in ,

French Parliamentary polls see unusually high voting as far-right eyes power

Snap polls to the 577-member French National Assembly on Sunday witnessed a heavy turnout, surpassing the voting percentage of previous elections over the past four decades, as the far-right eyed a stab at power.

At 5 p.m. local time (3 p.m. GMT) – three hours before the official close of polls, nearly 60 per cent (59.39 per cent) of the electorate had exercised their franchise, as per figures from the Ministry of the Interior. In 2022, the turnout at the same time was just 39.4 per cent, the BBC reported.

Projections are expected soon after the close of the election whose results will not only impact the political fate of President Emmanuel Macron, whose centrist Ensemble alliance, was running third behind the far-right National Rally (RN) of Marine Le-Pen, with the 28-year-old Jordan Bardella its PM face, and the New Popular Front alliance of various Left parties, but also the course of the country and the European Union.

While 289 seats are required to win a majority, the French political system is slightly complex and can stretch to a second round, in which candidates whose support did not reach 12.5 per cent of all locally registered voters are eliminated. Only those who secure 50 per cent of the vote with a turnout of at least one-fourth of the local electorate win automatically in the first round.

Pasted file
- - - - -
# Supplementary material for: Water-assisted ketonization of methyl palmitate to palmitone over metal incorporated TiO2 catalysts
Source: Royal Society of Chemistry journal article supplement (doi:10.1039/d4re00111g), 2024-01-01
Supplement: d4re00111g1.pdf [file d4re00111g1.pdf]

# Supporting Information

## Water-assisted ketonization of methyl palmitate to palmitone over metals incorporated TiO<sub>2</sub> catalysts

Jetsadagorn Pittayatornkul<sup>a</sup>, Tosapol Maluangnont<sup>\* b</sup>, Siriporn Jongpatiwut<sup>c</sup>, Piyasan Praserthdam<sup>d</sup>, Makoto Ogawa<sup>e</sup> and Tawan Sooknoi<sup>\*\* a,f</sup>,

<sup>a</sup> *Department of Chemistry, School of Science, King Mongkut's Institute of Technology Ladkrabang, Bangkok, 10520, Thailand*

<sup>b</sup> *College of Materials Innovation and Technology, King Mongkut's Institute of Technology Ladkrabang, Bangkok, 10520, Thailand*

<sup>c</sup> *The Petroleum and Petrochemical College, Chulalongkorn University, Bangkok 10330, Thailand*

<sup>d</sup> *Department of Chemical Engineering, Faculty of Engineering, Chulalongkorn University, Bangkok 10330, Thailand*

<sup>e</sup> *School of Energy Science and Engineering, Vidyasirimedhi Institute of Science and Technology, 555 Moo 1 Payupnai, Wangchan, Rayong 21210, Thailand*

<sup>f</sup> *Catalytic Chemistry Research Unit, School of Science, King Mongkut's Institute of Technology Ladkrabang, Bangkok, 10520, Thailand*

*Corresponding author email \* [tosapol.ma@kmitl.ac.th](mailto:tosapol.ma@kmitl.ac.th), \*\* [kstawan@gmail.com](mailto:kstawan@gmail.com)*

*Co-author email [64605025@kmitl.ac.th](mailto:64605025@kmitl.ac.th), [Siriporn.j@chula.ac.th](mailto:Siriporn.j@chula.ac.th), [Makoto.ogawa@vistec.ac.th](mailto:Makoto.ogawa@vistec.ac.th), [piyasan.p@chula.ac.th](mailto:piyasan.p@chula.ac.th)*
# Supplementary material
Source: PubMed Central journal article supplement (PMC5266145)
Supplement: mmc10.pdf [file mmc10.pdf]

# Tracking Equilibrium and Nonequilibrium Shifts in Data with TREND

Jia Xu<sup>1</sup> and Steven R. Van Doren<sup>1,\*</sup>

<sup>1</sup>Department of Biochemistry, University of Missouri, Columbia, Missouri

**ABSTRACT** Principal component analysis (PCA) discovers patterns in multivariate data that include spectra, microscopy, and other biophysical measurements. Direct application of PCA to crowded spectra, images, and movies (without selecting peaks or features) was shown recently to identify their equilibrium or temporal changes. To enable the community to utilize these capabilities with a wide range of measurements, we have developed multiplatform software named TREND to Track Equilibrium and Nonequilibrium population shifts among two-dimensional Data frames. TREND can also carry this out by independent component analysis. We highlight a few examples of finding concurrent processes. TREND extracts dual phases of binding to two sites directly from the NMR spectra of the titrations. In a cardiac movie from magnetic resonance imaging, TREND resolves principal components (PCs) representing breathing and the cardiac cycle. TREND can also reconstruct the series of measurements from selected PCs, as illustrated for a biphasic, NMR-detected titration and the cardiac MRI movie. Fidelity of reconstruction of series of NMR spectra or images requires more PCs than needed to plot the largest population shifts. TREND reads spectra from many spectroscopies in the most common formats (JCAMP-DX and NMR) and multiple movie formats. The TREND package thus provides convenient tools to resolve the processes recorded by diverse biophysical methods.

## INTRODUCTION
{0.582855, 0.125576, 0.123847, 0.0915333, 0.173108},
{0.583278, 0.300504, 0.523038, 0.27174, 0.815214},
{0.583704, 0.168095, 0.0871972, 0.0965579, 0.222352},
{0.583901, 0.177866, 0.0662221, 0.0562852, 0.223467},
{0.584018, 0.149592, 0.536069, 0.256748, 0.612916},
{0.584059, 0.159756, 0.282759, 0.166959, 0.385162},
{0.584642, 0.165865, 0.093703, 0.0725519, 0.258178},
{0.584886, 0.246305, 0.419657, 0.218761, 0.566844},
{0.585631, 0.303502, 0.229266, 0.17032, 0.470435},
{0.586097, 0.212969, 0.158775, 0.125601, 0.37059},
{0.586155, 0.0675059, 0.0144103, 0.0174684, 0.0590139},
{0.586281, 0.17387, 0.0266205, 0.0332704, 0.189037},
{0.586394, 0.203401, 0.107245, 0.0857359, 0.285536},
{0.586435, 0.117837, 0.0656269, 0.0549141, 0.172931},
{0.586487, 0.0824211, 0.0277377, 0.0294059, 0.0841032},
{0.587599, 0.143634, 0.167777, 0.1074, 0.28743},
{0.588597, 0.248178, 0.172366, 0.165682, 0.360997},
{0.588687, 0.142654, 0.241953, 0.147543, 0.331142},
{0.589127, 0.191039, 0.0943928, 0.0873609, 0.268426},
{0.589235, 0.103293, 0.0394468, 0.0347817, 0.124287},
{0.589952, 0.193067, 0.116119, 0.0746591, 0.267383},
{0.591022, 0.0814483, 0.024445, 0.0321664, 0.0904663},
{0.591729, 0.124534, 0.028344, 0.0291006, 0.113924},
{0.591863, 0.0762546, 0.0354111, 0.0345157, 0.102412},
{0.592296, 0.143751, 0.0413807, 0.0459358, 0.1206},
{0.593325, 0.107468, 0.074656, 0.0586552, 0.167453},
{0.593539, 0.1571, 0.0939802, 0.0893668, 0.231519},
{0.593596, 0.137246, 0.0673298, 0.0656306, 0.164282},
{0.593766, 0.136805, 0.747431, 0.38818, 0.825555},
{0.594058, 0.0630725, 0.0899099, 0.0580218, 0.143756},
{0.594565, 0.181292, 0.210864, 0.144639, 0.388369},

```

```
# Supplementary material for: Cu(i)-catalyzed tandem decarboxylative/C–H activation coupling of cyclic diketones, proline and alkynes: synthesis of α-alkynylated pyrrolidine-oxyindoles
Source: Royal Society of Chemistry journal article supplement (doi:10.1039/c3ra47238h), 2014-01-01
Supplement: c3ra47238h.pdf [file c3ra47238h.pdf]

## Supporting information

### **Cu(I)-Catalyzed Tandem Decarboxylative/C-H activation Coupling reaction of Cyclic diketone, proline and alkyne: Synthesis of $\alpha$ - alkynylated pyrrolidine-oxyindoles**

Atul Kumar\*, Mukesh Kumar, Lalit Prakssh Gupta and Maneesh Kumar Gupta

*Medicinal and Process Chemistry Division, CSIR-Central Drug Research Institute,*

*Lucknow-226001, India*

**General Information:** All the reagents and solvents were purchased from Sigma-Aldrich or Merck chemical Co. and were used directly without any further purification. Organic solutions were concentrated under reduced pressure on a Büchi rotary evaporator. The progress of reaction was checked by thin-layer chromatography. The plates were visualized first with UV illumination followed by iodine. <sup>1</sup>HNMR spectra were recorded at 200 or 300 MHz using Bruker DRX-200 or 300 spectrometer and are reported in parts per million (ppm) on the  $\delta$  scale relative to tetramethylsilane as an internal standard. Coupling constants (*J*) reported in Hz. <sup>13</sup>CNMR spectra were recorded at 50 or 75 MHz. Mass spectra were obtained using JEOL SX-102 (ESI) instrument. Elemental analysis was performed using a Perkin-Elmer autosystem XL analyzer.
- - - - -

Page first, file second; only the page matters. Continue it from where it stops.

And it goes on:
The run-off will be taking place in a week’s time – on next Sunday (July 7).

The elections – which were not due till 2027 – were called in a surprise announcement by Macron on June 9 – after the National Rally party decisively defeated his alliance in the European Parliament elections.

While the decision was seen as a gamble, Macron had no option as he failed to win a majority for his party in the previous (2022) elections, held soon after his own re-election, and was hamstrung in passing new laws or reforms.

The prospect of either the far-right or the left gaining power is seen as leading to a “civil war” – as Macron himself warned recently, a poll published on Friday indicated that 40 per cent each of respondents fear this eventuality in case of either party from the extremes of the political spectrum gain power, the BBC reported.

However, Macron has announced that even if his party loses, he will not quit as President before 2027 when his term ends. Dealing with political opponents controlling the legislature will be tough, as the parliament cannot be dismissed for another election for at least a year.

Leave a Reply

Your email address will not be published. Required fields are marked *

GIPHY App Key not set. Please check settings

From Colonial to Contemporary: India’s legal system set to enter a new era on Monday

New Crimes Added to Bharatiya Nyay Sanhita: Understanding the Amendments and Grey Areas